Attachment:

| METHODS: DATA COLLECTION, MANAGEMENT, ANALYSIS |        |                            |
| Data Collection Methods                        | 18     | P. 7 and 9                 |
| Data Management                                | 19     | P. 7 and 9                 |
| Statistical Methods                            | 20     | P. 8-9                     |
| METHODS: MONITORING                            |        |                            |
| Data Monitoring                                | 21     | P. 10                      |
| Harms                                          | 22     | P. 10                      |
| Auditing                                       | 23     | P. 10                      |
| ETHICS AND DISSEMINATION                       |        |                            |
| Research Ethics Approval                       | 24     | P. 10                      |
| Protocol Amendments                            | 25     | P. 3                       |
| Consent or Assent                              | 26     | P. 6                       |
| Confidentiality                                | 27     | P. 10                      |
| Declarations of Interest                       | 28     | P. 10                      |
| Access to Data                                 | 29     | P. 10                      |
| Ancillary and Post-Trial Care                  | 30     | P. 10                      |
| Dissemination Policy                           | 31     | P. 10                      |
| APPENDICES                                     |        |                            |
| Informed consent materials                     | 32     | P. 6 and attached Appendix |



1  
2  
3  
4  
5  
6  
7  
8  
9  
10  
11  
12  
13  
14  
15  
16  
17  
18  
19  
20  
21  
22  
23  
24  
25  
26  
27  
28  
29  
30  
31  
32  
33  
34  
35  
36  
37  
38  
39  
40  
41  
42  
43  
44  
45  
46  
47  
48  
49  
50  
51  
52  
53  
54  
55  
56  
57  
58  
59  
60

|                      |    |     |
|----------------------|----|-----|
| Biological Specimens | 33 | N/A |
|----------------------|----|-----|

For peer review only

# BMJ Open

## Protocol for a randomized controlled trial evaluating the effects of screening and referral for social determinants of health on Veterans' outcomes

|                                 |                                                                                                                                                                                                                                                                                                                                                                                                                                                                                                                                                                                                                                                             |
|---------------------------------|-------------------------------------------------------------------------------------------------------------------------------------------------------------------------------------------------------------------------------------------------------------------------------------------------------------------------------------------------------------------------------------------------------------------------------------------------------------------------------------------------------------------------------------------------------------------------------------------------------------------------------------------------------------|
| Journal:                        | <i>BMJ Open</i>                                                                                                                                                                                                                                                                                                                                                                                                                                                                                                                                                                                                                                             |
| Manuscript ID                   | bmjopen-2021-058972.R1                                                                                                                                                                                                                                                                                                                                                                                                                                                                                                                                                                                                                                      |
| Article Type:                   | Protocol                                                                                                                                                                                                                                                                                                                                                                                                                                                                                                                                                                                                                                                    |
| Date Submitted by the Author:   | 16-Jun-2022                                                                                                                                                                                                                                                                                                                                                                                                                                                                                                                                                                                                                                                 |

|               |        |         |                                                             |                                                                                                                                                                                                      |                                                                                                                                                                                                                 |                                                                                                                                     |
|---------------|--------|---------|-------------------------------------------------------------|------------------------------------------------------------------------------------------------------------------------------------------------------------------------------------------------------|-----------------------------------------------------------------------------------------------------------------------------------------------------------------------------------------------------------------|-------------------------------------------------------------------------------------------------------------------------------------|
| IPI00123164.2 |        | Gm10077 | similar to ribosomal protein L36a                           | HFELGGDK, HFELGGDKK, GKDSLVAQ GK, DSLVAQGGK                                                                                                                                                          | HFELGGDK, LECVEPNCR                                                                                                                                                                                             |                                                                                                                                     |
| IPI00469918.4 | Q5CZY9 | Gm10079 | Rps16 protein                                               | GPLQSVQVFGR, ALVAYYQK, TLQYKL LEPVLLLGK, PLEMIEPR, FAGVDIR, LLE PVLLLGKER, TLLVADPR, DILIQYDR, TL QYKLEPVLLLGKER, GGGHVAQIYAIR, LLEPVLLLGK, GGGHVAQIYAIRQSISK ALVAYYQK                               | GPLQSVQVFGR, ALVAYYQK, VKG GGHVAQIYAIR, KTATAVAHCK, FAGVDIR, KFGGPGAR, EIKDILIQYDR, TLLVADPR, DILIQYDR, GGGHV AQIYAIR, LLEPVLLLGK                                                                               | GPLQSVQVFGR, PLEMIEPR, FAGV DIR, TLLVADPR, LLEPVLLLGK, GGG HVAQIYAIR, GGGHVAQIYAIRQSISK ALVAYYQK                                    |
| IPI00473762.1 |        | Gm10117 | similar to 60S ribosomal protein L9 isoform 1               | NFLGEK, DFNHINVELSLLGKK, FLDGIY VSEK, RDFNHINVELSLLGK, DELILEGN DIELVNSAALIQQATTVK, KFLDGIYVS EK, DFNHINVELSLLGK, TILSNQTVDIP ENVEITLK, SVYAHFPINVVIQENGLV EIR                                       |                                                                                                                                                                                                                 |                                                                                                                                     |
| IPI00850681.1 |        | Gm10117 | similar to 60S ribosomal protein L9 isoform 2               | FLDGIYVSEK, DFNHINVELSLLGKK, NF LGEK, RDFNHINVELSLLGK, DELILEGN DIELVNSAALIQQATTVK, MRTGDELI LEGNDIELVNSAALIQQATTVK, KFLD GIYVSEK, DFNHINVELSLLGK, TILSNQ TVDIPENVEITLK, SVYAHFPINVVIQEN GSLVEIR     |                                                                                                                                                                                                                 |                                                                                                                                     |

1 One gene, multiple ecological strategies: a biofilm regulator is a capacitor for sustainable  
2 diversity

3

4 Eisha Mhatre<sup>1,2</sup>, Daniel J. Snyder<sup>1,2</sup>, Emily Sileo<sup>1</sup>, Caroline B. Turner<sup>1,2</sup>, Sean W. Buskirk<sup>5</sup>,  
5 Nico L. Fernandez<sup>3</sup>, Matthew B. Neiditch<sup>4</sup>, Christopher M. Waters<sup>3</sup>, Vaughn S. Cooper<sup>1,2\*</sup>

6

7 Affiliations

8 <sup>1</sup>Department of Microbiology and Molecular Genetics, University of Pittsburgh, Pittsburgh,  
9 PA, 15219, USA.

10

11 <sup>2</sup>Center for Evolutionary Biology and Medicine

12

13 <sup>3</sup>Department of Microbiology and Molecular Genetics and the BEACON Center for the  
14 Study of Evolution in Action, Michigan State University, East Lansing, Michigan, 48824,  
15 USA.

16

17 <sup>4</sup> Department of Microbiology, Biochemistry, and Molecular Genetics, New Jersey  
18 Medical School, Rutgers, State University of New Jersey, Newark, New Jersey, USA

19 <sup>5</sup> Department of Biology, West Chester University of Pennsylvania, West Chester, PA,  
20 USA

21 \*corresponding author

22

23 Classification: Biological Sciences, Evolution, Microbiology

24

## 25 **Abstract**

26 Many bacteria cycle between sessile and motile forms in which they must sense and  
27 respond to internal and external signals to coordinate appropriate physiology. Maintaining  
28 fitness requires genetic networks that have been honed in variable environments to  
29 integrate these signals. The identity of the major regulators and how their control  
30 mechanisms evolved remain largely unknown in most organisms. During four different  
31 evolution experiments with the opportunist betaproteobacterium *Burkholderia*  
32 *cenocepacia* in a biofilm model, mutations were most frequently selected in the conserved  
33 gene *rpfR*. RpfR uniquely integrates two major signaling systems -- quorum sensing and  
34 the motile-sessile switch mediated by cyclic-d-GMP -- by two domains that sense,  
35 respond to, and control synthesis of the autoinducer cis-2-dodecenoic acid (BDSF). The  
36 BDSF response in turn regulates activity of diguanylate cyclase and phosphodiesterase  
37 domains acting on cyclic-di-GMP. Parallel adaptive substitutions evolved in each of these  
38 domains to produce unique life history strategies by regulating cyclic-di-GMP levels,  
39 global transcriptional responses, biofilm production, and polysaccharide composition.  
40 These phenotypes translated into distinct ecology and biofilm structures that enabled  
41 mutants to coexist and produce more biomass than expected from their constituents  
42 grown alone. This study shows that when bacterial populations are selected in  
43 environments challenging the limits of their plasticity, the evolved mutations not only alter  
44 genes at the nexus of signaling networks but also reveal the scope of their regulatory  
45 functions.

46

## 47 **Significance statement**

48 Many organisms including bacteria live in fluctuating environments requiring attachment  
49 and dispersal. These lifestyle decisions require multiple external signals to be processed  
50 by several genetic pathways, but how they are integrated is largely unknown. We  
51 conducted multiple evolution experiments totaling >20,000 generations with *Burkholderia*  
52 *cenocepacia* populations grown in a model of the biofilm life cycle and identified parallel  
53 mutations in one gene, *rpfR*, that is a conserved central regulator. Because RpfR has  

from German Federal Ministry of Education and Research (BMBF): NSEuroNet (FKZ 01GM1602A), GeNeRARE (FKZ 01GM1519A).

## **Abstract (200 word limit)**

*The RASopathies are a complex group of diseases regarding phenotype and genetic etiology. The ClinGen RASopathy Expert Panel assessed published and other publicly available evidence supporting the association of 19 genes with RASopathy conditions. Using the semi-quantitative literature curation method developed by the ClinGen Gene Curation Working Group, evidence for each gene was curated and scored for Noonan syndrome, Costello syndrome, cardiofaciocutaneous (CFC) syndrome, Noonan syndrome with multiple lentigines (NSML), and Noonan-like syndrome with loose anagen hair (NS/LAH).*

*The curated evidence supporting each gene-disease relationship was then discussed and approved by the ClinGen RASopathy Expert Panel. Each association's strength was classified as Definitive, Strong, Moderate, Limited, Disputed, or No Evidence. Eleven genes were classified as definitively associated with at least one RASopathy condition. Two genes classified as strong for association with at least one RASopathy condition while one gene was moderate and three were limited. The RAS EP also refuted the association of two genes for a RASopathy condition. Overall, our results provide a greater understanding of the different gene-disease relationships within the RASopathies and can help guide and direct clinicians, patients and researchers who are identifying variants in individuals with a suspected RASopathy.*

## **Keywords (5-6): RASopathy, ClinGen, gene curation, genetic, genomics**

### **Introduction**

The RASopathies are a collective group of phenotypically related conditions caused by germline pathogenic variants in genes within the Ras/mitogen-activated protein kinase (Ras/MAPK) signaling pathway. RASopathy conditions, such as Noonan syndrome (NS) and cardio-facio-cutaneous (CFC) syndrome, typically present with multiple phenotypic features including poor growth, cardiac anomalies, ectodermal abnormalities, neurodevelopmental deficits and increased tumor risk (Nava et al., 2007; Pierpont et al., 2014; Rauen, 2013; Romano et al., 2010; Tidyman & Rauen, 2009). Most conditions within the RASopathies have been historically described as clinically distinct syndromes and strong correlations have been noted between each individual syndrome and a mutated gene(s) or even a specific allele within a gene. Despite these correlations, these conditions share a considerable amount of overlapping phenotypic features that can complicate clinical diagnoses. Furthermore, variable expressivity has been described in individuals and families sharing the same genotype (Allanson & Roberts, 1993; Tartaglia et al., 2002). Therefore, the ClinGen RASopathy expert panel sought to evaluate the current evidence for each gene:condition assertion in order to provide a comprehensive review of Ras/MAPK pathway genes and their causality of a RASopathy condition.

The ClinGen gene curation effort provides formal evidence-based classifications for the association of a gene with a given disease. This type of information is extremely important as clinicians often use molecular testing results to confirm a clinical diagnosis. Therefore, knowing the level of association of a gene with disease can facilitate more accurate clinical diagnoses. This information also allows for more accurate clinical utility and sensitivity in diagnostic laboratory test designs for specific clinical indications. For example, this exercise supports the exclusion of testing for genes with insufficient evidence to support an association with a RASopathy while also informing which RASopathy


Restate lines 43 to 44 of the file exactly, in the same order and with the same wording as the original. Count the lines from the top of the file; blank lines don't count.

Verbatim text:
24  
25  